• Discipline is best taught by example. The lessons you teach your child come from what your child sees you do, not what you say.
  • If what you are doing is not working, change it! Your best efforts, even those that worked in the past, may break down. Try to keep sight of your basic principles and always cherish your relationship with your child.
  • The important thing is not whether your child behaves in the next few minutes or today of this week. The really important thing is how your child turns our five, ten or twenty years from now.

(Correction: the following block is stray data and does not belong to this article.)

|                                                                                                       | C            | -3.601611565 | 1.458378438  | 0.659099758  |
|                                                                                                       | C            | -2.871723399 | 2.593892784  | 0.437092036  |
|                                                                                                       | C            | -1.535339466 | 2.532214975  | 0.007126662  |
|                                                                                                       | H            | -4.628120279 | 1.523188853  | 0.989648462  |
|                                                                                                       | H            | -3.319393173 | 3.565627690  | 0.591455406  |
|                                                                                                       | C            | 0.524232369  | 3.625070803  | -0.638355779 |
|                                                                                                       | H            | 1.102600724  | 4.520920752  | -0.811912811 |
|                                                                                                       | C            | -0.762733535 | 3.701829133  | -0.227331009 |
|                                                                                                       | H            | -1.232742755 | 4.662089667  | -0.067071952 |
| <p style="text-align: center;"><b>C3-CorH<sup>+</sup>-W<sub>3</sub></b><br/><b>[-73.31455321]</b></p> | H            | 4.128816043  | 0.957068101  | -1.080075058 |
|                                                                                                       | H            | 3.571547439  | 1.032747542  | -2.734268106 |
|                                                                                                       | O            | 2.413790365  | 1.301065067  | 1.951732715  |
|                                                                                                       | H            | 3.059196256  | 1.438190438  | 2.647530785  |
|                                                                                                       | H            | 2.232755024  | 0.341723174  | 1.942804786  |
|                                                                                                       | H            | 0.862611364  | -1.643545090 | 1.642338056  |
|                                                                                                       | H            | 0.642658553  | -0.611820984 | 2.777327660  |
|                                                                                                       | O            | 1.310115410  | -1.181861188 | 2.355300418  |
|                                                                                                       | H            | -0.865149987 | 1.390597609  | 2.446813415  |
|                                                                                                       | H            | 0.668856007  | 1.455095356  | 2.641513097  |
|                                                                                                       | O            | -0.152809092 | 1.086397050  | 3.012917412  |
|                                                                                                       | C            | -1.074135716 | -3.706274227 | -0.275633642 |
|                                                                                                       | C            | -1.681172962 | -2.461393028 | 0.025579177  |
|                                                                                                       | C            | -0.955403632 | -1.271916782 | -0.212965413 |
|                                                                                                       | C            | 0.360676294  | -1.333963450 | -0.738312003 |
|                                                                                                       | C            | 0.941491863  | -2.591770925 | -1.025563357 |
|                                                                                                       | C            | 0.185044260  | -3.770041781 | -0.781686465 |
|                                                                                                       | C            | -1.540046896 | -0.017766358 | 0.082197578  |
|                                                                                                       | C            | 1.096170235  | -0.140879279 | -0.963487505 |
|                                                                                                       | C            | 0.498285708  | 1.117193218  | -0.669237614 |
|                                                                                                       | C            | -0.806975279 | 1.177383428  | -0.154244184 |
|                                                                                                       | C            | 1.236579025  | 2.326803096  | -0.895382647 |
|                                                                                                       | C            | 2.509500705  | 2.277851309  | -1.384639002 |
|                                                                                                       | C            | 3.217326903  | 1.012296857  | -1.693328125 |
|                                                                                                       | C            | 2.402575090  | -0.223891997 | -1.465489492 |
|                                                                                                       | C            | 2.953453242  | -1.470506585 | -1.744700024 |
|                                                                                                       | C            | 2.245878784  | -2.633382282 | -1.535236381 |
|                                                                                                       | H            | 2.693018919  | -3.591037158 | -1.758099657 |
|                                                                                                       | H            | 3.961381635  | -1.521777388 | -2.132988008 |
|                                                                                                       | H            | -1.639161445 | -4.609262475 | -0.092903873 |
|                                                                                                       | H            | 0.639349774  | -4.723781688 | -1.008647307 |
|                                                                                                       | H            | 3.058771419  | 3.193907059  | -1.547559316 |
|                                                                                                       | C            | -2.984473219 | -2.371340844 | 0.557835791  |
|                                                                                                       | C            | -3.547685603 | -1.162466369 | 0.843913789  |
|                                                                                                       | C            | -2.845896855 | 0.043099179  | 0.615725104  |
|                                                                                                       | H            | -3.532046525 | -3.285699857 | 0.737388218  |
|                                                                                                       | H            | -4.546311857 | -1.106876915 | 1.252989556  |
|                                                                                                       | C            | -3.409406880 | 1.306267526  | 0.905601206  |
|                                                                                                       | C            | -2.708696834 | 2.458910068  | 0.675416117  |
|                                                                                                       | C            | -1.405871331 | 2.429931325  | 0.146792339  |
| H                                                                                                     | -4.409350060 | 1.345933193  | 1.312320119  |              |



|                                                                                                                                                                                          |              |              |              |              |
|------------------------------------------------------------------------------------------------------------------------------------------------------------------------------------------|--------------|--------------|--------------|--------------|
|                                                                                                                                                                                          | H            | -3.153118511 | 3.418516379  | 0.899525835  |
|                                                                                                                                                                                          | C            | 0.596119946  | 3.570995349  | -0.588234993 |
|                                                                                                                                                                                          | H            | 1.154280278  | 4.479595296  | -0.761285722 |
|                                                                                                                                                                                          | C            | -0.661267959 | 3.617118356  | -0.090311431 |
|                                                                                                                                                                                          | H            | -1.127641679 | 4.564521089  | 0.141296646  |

• State child welfare records indicate that substance abuse is one of the top two problems exhibited by families in approximately 81% of reported child abuse cases.
  • Neglect is the most commonly reported and most often substantiated type of maltreatment as reported by the Georgia Department of Human Resources, Division of Family and Children Services.
  • Men and women serving time in our Nation’s prisons and jails report a higher incidence of child abuse as children than the general population.
  • Approximately one in four girls will be sexually abused before the age of 18 in the United States.
  • Approximately one in six boys will be sexually molested before the age of 18.
  • Most often children are abused and/or neglected by someone they know – a parent, guardian, family member, family friend or neighbor.